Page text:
Madi CEESAY

By Abdoulie John

Award-winning journalist has decried the Gambia’s worsening media situation. Madi Ceesay is disappointed that the advent of Second Republic is synonymous with promulgation of repressive laws and illegal closure of a good number of media outlets.

“Since the military takeover, Gambian journalists have been confronted with a hostile media environment,” Madi Ceesay, the winner of the Committee to Protect Journalist 2006, said. “Over these past months, the situation has become too bad,” Ceesay said.

Ceesay, a former General Manager of The Independent, had a brush with Gambian authorities when the newspaper ran a story on the abortive March 2006 coup d’état. Authorities took the paper’s reportage on the arrest of Samba Bah, the former Interior Minister, with pinch of salt. Bah denied the story, forcing the star paper’s editorial to swallow their pride and run a rejoinder.

“My experience with The Independent is bitter, and I am still bitter over the move taken by government to close down the newspaper. We did our best to rectify the story. We even interviewed Samba Bah who took the opportunity to set the record straight. However, the government was not satisfied and went ahead to round up and detain the paper’s entire staff. Many of us were subjected to all kinds of humiliation and torture,” Madi Ceesay said in tone of exasperation.

The closure of The Independent had not dampened Mr. Ceesay’s firm belief in giving voice to the voiceless Gambians. He decided to launch The Daily News in a highly toxic environment where everything, including fire had been used to tame independent minded journalists. The paper’s selfless and professional service soon paid off, with The Daily News soon gaining popularity. The paper’s failure to bend its strong editorial policy has put it on the government’s radar.

“On September 14, 2012, plainclothes officers of the National Intelligence Agency (NIA) stormed our offices ordered us to cease operations,” Mr. Ceesay recalled. A sister paper The Standard – owned and operated by the current Information Minister Sheriff Bojang – was also nailed down the same day.

In a clear case of discrimination, The Standard was allowed to breathe while The Daily News was not. Such an unexplained move has left Madi Ceesay dumbfounded.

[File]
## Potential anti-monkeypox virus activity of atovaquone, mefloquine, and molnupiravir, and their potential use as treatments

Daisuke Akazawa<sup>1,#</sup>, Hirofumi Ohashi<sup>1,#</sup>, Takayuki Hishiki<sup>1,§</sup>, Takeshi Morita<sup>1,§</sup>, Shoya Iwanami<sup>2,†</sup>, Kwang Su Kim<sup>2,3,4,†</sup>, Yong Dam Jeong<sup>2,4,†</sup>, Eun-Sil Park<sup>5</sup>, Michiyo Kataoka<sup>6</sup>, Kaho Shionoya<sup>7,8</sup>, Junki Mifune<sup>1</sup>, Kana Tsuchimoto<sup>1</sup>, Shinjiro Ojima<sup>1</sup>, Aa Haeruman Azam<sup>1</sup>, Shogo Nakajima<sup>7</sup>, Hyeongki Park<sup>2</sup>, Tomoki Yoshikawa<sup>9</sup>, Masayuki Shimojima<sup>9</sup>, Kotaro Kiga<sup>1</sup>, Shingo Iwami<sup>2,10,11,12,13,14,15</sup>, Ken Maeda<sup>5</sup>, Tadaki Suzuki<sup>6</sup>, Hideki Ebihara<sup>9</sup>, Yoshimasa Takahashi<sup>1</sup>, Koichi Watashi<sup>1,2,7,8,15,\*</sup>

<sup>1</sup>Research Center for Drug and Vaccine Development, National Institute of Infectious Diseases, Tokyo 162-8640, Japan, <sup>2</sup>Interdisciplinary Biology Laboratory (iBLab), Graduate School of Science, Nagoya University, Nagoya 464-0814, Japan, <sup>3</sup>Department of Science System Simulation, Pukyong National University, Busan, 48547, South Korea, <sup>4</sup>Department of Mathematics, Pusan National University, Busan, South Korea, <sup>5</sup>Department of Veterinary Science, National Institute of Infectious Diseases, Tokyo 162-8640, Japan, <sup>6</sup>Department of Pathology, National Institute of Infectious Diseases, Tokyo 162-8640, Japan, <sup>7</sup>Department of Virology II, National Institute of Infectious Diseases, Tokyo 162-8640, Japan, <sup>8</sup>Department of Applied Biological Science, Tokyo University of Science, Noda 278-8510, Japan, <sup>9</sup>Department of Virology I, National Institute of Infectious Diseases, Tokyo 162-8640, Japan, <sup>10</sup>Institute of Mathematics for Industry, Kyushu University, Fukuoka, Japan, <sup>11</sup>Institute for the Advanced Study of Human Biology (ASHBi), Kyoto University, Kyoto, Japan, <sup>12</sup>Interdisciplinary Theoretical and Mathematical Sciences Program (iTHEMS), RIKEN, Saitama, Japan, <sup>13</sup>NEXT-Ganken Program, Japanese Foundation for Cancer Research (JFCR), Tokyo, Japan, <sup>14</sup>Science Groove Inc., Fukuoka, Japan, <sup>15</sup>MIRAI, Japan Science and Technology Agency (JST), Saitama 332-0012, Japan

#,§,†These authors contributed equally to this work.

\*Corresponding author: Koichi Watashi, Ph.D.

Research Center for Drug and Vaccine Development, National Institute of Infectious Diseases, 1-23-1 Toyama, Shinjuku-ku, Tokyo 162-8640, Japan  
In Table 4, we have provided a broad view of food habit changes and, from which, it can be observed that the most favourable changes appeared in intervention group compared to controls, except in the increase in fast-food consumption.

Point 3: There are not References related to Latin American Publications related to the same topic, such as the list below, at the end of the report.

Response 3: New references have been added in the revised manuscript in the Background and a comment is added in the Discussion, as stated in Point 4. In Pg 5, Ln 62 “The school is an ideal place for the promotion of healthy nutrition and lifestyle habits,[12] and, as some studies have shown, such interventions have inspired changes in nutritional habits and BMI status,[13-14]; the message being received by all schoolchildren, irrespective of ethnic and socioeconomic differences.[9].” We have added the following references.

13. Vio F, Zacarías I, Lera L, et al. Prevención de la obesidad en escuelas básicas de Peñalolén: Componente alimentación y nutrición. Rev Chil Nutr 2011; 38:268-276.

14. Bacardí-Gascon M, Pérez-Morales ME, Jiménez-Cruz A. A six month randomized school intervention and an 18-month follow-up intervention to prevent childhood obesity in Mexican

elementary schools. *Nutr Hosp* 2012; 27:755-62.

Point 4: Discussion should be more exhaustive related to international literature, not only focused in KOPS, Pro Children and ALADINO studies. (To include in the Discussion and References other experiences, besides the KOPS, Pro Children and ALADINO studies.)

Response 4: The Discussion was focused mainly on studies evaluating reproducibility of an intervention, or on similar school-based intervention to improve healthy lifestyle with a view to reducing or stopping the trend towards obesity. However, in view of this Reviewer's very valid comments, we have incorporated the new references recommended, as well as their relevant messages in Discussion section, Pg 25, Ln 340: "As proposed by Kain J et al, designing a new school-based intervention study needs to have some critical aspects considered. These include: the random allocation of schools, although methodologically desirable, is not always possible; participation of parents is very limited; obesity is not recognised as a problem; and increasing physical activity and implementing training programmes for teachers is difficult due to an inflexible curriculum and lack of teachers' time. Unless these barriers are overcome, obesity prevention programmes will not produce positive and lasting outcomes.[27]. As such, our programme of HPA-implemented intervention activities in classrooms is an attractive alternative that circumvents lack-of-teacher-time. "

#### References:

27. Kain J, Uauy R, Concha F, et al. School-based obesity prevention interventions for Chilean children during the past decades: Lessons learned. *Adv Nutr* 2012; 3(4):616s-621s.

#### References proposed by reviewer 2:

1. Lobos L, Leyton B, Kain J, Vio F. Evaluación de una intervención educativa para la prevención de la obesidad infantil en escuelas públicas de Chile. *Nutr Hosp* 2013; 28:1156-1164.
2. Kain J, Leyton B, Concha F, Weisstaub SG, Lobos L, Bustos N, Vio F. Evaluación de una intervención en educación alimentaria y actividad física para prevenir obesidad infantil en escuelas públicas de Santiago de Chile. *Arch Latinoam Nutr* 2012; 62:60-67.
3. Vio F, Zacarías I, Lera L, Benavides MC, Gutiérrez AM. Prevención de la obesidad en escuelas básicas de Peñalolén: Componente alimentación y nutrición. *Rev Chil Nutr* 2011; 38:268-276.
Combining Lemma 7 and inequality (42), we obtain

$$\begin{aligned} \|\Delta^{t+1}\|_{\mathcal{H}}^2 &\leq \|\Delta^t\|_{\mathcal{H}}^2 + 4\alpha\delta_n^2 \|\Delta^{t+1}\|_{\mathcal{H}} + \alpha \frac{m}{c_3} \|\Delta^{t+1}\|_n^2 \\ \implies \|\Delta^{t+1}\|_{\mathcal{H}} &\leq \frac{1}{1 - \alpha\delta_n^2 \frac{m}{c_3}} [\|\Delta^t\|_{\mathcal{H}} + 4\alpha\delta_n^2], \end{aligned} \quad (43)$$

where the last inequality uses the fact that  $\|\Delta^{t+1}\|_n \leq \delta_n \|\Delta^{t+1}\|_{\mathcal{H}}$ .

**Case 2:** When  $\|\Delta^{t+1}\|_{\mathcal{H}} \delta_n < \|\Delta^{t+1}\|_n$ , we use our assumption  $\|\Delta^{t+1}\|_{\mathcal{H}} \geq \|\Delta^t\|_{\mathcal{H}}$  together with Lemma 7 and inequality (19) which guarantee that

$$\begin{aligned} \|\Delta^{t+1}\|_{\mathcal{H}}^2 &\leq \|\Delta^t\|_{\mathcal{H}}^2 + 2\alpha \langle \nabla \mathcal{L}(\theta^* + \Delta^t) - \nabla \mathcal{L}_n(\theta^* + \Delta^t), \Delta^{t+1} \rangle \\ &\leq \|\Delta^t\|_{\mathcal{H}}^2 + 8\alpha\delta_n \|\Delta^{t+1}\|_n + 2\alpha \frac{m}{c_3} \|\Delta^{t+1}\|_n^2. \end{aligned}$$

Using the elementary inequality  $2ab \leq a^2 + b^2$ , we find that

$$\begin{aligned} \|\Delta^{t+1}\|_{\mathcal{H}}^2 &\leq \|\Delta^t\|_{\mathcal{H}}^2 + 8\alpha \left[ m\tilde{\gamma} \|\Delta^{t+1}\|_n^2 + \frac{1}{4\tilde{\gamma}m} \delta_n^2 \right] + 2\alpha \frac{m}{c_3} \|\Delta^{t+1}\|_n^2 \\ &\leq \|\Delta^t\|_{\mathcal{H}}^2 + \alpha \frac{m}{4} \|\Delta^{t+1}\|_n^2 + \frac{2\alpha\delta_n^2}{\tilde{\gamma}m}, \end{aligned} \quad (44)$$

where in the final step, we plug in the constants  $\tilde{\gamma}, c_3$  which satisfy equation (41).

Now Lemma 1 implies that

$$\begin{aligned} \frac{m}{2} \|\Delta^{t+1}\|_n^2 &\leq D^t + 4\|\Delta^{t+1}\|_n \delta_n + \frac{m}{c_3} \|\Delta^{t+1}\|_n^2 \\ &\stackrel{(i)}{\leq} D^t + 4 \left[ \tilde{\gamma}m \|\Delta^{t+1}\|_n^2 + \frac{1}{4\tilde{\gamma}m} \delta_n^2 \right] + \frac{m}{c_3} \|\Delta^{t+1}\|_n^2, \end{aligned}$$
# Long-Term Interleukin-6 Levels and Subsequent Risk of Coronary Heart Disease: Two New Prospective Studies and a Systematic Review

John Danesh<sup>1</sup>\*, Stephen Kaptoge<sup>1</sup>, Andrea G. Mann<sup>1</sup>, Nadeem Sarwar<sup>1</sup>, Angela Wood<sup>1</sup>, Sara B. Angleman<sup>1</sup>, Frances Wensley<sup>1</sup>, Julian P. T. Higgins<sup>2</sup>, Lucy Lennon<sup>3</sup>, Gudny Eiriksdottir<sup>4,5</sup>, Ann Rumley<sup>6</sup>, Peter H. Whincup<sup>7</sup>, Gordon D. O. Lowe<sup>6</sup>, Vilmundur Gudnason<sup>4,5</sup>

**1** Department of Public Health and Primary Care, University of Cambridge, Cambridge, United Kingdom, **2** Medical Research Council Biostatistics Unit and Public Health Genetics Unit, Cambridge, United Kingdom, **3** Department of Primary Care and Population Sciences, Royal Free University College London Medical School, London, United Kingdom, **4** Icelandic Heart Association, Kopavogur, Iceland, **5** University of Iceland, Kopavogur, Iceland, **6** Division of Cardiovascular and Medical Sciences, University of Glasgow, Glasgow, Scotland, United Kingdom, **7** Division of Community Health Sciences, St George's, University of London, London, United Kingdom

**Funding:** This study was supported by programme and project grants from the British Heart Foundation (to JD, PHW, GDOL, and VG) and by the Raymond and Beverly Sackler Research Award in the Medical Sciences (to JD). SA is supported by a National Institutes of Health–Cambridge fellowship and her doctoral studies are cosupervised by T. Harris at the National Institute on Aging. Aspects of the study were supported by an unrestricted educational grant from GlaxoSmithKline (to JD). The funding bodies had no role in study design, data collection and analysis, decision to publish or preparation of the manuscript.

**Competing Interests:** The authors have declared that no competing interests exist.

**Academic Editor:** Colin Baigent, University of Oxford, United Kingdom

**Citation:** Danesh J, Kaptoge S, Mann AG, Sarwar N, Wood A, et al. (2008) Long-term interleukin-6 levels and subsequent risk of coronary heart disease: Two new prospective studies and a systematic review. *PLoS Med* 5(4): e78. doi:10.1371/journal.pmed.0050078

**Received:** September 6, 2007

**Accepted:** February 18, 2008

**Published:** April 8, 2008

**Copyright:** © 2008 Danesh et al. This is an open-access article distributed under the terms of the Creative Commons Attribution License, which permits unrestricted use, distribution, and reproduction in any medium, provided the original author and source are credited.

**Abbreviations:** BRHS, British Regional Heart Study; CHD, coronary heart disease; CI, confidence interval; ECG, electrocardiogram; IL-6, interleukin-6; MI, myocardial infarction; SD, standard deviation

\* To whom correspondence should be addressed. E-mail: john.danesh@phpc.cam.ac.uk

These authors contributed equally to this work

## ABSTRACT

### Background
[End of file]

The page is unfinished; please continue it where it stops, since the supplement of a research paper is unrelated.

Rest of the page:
“There is little I can say about why The Standard is on the newsstands while The Daily News remains closed. As you know the proprietor of The Standard is a current minister,” Mr. Ceesay added. Ceesay recalled days when both media owners engaged in negotiation with the government.  “He [Sheriff Bojang] must not expect me to visit him over the same issue because he ought to know better.”

Ceesay there were less than six operational newspapers when Yahya Jammeh came to power. “Three newspapers – New Citizen, The Independent, the Daily News – were forced to close operations. Those operating are mainly into publishing what may not land them into closure. So, there is a lot of self censorship.”

Mr. Ceesay also painted a somber picture of information dearth in the Gambia’s private broadcasting sector. “All of the 19 commercial radios relay music and commercial advertisement. No single radio dares engage in proper dissemination of information that is useful enough to influence or shape public opinion or policy.”

The Gambia – the smallest country on mainland Africa – has been ruled by President Yahya Jammeh since the military dislodged a democratically elected government from power in July 1994.  A good number of journalists have either been killed, disappeared or fled into exile. Mr. Jammeh championed a crusade against independent journalists, branding them the “illegitimate sons of Africa.” His sword hangs over media professionals who have been threatened to be buried “six-feet-deep,” a far cry from Jawara’s Gambia where freedoms and rights of everyone were guaranteed.

Ends

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